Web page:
With a sudden flash of lightning from the clouds above one of the fiends shot forwards, propelled by a rapid contraction of its sturdy legs. It thrashed wildly at the laden air with its jagged claws, as its jaw stretched wide revealing rows of small, pointy teeth. Instinctively the sorcerer reached under his rippling cloak with his free hand and pulled out a long, shimmering rod. A dancing zap of turquoise energy shot from the orb attached to its tip, momentarily freezing the falling raindrops in casts of flaming blue light, and pierced the flying crull just inches from the man’s face. The creature was thrust backwards with brute force, dropping to the ground limply. A smoldering black billow rose from the charcoaled corpse causing the other crulls to chirp nervously.

     Slowly the sorcerer spun around, waving his staff in front of himself protectively. The fiends backed off a few paces, impressed by the powerful instrument in the man’s hand. He knew they wouldn’t hold back much longer though and seized the opportunity to dash into the undergrowth through the open gap. An emerald flush doused his frame as he floated across the wet reed, gradually picking up speed. His feet left the ground and he soared right through the crowded rickety branches, ignoring the whips and stings. Fiery beads of blood snaked along the fabric where thorns tore through his robe. He could hear the sound of madly screeching crulls behind him, muddled with the mighty roar of a mountain troll in the farther distance, and he pushed himself to go faster. With his power this drained he knew he could never take them all on at once.

     Yet he could feel himself slowing down even now, weak and tired as he was, until ultimately his feet were dragging along the forest bed again. The sorcerer stopped and hunkered down, panting hard. He would not get away like this. His long, dripping hair draped his twitching face and he coughed dryly. The crull’s high-pitched wails were getting ever closer, until he could hear the rustling of leaves just paces away. There was only one last option.

     Carefully the man laid the bundle of cloth he had been clinging to dearly on the ground and went about unfastening the fixture atop his staff. The orb came lose and rolled into his palm. He wrapped his fingers around the cool stone and it glowed beneath the alien touch. Resolutely he rose it high in the air, readying himself.

     In that very instant two of the crulls came bursting from behind a shrub, springing at the man, as a nauseating squeal filled the air. With all his remaining strength the sorcerer flung the orb towards the ground. In an explosion of brilliant radiance it shattered into a million pieces at his feet and a great whoosh sucked at the air. A swirling cerulean mist surrounded him, dancing around his cloth and flowing through his tremulous body with animate glow. He relaxed his mind, concentrating the surge of raw energy, as he teleported the cloth bundle and himself as far away as possible.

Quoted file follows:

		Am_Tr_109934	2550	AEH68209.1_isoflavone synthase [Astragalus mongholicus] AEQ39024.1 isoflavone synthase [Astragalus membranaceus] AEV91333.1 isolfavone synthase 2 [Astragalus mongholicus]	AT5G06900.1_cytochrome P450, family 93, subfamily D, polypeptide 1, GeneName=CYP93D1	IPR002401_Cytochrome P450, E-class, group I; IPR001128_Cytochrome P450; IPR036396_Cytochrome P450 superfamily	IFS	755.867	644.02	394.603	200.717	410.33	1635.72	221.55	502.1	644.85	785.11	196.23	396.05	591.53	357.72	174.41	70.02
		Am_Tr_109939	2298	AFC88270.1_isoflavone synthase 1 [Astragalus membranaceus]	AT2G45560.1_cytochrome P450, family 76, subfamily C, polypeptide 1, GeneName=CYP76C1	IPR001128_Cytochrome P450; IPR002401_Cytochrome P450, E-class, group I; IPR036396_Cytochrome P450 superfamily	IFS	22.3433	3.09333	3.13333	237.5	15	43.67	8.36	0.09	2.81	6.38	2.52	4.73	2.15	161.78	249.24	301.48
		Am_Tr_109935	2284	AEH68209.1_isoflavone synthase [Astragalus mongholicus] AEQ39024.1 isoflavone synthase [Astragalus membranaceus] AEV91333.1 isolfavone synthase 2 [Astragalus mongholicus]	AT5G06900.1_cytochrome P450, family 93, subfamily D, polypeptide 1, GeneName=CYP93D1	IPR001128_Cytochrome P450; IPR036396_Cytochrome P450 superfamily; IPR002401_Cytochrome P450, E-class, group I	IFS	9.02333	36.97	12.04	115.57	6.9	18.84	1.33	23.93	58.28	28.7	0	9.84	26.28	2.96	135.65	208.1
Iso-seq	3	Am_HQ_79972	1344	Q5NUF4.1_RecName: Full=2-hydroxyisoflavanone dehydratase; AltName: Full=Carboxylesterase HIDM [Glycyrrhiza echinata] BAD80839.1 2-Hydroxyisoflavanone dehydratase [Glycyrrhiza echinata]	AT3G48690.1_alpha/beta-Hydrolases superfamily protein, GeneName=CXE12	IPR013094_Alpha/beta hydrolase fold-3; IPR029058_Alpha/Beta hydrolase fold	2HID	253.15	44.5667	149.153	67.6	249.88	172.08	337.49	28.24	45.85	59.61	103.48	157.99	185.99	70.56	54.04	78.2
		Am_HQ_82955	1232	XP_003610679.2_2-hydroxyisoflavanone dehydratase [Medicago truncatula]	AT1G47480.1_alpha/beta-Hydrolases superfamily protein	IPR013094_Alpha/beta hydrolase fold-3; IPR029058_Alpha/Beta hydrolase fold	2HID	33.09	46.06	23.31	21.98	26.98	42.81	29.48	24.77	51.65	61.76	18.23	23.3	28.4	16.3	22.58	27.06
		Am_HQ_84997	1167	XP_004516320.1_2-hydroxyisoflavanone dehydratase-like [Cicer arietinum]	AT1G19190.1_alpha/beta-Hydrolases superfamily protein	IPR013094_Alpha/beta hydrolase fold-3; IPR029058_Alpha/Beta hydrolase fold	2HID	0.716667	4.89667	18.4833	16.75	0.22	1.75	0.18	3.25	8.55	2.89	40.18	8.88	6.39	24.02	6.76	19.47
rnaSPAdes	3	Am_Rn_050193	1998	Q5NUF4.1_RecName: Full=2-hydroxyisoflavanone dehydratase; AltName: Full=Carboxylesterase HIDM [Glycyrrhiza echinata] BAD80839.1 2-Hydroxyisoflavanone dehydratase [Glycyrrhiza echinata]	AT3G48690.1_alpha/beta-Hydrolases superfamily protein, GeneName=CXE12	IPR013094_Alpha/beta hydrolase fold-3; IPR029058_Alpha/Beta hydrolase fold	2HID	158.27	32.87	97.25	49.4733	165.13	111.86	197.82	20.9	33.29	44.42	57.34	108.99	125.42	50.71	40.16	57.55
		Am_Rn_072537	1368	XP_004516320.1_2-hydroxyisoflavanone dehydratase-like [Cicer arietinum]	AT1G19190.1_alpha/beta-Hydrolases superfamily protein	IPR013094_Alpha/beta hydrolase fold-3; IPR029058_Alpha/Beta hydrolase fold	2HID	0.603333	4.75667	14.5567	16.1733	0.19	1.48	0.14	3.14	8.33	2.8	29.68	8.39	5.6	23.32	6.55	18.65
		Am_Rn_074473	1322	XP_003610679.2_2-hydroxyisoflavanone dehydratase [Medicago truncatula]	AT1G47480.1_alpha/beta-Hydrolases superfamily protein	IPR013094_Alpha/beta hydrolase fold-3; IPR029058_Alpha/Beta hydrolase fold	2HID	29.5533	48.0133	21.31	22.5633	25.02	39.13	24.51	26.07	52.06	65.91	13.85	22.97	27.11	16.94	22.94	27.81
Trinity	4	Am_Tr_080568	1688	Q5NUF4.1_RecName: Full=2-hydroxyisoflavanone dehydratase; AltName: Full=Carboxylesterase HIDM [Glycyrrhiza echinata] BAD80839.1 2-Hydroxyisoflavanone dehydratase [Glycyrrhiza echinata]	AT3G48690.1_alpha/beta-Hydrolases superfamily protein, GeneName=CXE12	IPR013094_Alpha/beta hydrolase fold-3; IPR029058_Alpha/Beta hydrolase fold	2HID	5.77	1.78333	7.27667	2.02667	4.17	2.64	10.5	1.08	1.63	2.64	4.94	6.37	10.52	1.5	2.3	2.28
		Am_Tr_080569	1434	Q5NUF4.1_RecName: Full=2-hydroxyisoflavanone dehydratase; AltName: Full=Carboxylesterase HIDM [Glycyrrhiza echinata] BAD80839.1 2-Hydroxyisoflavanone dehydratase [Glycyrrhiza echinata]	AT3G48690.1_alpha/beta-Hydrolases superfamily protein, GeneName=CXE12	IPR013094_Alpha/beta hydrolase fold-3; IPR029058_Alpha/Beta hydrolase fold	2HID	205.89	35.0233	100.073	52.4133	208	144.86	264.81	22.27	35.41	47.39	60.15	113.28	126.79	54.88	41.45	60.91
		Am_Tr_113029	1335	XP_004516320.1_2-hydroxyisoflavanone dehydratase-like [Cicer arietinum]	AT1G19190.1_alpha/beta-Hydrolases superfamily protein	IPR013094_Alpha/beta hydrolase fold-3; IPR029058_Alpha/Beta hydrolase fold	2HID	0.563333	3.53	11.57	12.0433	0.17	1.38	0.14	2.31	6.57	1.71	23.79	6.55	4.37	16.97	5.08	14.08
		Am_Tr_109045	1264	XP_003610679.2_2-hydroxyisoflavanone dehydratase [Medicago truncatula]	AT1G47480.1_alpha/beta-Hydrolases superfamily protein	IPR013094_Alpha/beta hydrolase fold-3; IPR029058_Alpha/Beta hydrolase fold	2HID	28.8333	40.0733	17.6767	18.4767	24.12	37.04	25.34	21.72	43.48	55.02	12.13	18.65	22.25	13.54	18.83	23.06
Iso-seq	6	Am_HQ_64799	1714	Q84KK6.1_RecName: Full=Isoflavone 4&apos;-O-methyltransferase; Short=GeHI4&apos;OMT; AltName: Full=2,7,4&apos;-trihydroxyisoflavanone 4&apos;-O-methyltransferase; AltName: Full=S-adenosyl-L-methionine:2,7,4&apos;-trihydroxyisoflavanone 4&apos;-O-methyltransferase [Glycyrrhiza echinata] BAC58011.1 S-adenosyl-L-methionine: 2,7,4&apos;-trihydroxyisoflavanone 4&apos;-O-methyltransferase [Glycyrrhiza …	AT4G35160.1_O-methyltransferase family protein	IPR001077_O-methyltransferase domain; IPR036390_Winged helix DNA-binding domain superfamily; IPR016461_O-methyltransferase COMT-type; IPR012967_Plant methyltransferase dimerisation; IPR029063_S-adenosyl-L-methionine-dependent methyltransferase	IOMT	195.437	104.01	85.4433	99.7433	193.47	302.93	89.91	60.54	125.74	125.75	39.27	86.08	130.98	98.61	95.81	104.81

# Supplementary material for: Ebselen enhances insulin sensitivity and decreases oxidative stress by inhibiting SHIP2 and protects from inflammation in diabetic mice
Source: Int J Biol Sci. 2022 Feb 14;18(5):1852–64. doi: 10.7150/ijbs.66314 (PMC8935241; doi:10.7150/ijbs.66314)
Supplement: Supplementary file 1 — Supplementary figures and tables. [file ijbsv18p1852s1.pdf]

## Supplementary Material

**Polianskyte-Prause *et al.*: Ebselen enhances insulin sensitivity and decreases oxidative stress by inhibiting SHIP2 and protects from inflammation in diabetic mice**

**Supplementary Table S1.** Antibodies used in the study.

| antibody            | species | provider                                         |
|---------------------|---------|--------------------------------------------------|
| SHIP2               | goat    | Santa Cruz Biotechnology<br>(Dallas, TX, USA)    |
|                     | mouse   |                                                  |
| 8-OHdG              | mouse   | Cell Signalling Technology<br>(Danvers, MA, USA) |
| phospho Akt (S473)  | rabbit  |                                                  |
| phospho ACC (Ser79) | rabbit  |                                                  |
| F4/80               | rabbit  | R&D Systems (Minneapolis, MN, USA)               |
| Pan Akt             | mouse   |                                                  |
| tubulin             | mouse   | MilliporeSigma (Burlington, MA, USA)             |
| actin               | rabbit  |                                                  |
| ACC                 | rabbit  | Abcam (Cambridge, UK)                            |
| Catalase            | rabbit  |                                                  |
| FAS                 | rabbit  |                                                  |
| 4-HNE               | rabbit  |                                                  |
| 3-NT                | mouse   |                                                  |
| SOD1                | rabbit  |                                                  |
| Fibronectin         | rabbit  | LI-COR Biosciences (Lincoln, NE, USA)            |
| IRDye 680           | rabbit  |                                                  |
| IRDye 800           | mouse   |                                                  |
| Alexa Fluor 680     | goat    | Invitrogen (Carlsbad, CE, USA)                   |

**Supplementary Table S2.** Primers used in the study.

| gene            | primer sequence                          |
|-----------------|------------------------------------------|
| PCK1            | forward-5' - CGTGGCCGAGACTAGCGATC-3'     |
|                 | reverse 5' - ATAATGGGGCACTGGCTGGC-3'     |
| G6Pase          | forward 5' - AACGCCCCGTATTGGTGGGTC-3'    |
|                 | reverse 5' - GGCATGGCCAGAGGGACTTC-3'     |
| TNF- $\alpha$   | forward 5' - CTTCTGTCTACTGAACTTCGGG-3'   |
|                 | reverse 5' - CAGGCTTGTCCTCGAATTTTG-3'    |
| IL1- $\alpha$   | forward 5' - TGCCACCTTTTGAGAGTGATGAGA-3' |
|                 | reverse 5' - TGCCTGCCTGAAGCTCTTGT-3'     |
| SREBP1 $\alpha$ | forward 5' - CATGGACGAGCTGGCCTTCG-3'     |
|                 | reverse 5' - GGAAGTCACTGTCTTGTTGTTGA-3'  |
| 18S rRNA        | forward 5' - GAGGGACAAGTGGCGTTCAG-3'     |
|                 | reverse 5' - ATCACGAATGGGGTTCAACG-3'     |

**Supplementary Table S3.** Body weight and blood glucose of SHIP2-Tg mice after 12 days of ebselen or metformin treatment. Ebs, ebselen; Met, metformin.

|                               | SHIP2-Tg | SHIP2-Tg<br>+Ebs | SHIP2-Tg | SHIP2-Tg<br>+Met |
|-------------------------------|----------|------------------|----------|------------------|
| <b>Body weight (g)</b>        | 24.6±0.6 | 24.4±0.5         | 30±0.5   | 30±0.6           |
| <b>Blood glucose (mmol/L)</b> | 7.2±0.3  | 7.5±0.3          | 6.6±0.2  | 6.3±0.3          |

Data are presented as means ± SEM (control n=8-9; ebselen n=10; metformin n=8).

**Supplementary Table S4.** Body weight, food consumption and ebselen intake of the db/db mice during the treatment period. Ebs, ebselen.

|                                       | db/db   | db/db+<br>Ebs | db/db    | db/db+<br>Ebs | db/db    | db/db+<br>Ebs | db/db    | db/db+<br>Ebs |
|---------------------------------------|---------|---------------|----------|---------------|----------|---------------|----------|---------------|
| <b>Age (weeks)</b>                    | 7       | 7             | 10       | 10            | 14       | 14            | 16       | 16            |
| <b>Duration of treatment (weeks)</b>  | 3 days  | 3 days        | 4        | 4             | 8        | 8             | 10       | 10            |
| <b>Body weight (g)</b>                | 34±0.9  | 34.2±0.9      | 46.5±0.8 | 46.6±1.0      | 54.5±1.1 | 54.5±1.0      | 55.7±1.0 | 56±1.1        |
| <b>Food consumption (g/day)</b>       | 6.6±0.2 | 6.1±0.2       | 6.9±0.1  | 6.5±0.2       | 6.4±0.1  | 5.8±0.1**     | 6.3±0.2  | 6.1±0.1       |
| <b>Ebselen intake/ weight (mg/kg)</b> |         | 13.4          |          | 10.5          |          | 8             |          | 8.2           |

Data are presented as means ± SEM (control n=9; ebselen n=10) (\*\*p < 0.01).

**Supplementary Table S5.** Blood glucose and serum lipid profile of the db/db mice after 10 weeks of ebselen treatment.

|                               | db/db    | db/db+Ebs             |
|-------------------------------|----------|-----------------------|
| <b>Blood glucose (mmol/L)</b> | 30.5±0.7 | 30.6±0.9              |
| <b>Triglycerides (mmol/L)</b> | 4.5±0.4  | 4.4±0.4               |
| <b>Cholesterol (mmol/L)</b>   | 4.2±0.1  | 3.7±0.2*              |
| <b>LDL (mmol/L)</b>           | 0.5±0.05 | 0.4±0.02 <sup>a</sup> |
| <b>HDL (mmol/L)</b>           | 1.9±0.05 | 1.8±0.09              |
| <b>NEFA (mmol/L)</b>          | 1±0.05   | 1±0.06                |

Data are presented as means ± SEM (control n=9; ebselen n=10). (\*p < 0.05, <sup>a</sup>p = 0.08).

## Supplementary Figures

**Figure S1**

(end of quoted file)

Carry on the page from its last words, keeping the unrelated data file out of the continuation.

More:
* * *

     The tempest winds whisked leaves, small plants and flakes of cloudy mud high into the air before flinging them back down again violently, where they thudded dully on the tiled roof of the little tavern and, along with the monotonous pitter-patter of rain and thunderous rumbling in the skies, almost drowned the sound of a fist banging on the thick wooden door.

     Analia roused, unsure of what had woken her. There was another loud bang coming from downstairs, and this time she made sense of it. Quickly she slipped from underneath the sheets, flying down the steps in her long, flowing nightgown.

     “What’s the meaning of this?” her husband growled from behind her, but she ignored him and paced her steps through the dining room and to the door. She took a quick peek out of the window and barely made out a bent figure standing on the tavern’s porch, cringing and shaking from the stormy weather. She did not have the heart to let it cower out there like that and resolutely opened the door. The figure stumbled in and with it a gush of rain that the pounding wind carried. A puddle of murky water trailed from its heavy boots and stretched itself out in the room. Analia quickly closed the door to shut out the mayhem outside and turned to face the stranger. The figure’s drenched hair hung like a curtain over its face and its dark robe wrapped it like a wet towel. It stood arched, wheezing heavily. Only slowly did it straighten and brush the hair to one side with its free hand. With the other, she now noticed, it was holding a white loincloth bundle, tightly by its chest.

     “I’m sorry… to intrude upon you like this,” a manly voice finally cut the silence, still short of breath. A flash of lightning momentarily lit the room and Analia could barely distinguish the stranger’s aged hard and pained face, before it was shrouded in darkness once more. “I don’t have much time… afraid I can’t explain…”